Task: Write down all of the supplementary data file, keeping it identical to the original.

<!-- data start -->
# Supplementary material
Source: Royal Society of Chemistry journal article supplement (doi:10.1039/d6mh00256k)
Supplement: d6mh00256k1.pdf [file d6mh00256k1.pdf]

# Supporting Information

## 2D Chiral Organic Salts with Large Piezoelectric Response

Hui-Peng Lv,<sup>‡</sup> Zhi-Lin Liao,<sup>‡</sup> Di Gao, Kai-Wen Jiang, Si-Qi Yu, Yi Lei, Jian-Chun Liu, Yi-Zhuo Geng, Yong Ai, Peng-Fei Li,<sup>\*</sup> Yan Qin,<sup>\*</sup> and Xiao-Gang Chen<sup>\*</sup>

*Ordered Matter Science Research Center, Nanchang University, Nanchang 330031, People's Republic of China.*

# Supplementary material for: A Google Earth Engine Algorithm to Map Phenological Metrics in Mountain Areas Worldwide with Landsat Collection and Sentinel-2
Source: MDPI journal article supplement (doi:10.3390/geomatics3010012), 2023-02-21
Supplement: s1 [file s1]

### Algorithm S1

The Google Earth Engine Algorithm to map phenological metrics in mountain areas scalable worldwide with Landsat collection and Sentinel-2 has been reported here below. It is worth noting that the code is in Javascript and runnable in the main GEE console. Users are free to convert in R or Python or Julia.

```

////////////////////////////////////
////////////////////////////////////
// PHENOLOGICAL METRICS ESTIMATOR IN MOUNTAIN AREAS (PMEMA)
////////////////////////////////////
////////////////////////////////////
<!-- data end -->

# Supplementary material
Source: Royal Society of Chemistry journal article supplement (doi:10.1039/d6mh00256k)
Supplement: d6mh00256k1.pdf [file d6mh00256k1.pdf]

# Supporting Information

## 2D Chiral Organic Salts with Large Piezoelectric Response

Hui-Peng Lv,<sup>‡</sup> Zhi-Lin Liao,<sup>‡</sup> Di Gao, Kai-Wen Jiang, Si-Qi Yu, Yi Lei, Jian-Chun Liu, Yi-Zhuo Geng, Yong Ai, Peng-Fei Li,<sup>\*</sup> Yan Qin,<sup>\*</sup> and Xiao-Gang Chen<sup>\*</sup>

*Ordered Matter Science Research Center, Nanchang University, Nanchang 330031, People's Republic of China.*

# Supplementary material for: A Google Earth Engine Algorithm to Map Phenological Metrics in Mountain Areas Worldwide with Landsat Collection and Sentinel-2
Source: MDPI journal article supplement (doi:10.3390/geomatics3010012), 2023-02-21
Supplement: s1 [file s1]

### Algorithm S1

The Google Earth Engine Algorithm to map phenological metrics in mountain areas scalable worldwide with Landsat collection and Sentinel-2 has been reported here below. It is worth noting that the code is in Javascript and runnable in the main GEE console. Users are free to convert in R or Python or Julia.

```

////////////////////////////////////
////////////////////////////////////
// PHENOLOGICAL METRICS ESTIMATOR IN MOUNTAIN AREAS (PMEMA)
////////////////////////////////////
////////////////////////////////////